The first project draft for the Zurich pavilion envisioned a massive concrete structure. Raw exposed concrete surfaces alternated with open façade sections that were to be glazed and fitted with rhythmically distributed vertical concrete slats.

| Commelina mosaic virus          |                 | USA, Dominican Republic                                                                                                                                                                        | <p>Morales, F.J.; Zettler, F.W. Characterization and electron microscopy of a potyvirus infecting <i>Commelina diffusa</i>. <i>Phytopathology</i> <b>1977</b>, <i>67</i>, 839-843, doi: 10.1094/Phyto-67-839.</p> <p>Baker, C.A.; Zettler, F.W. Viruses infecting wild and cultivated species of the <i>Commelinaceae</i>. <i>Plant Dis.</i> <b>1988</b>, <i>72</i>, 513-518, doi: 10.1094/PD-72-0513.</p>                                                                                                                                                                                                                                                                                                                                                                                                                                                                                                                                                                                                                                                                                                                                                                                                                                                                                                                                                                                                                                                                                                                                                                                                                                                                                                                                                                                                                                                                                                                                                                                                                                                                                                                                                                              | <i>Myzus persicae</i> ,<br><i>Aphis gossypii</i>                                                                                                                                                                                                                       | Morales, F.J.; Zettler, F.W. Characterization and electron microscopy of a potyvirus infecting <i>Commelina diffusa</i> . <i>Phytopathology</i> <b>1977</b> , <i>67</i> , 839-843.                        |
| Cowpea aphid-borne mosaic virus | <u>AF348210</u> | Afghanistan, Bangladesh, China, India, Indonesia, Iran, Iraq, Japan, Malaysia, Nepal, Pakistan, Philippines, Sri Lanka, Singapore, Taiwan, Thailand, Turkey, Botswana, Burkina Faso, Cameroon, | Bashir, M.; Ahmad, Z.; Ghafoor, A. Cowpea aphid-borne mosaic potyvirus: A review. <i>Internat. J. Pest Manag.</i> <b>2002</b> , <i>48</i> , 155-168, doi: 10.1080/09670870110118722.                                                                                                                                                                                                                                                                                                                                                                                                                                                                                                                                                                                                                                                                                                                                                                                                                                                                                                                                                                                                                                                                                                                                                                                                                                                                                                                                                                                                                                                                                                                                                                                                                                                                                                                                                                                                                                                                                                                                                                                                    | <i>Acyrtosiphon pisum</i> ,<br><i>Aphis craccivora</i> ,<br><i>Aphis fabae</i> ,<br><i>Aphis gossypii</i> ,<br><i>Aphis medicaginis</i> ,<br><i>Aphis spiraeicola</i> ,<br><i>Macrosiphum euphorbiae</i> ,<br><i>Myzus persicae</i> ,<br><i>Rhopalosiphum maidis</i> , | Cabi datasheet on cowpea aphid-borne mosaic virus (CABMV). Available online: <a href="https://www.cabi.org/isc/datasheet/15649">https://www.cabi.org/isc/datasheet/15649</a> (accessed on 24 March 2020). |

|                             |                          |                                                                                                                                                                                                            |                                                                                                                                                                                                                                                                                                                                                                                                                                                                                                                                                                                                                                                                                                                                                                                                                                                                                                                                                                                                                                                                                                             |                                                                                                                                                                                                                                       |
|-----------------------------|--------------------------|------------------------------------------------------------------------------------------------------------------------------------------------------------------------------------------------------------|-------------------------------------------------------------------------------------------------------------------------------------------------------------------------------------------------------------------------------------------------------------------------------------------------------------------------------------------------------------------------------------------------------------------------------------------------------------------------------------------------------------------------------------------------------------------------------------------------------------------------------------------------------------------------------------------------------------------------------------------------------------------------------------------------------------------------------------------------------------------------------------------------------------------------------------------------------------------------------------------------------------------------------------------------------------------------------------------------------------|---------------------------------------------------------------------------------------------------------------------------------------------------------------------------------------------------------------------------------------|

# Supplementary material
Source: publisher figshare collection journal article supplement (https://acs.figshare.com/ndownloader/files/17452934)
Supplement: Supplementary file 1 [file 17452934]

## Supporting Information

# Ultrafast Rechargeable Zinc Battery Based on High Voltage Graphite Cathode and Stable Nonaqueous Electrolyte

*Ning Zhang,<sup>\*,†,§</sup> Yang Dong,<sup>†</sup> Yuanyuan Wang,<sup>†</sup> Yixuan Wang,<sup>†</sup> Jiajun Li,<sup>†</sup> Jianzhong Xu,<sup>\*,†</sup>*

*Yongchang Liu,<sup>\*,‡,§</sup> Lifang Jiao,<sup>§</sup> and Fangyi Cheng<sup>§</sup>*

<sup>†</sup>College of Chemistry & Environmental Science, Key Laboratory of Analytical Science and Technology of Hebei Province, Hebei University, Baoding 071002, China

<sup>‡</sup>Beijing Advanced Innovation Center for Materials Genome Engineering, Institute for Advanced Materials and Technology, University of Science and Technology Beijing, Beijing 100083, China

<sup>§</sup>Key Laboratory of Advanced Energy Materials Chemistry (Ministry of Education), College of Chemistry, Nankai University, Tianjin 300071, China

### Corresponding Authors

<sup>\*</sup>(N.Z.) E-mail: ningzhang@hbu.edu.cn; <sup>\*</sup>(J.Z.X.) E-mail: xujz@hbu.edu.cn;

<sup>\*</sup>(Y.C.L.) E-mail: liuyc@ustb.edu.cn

By the spring of 1962, Le Corbusier had already decided to revise his design and began—in parallel to the official project—to work on a steel variant. He based his design on a system for prefabrication for which he had applied for a patent in 1950, referred to as “Le Brevet,” the French word for patent. “The principle of this patent,” wrote Le Corbusier, “is that a single corner-piece is used throughout the construction.” The iron angles are 226 centimeters long, corresponding to the basic value of his Modulor system. Fixed in place using an auxiliary construction, the angles are welded together to form cubic modules. Le Corbusier believed that assembling several such modules provided an efficient and cost-effective way to construct residences. More than 20,000 bolts were needed in the Zurich pavilion.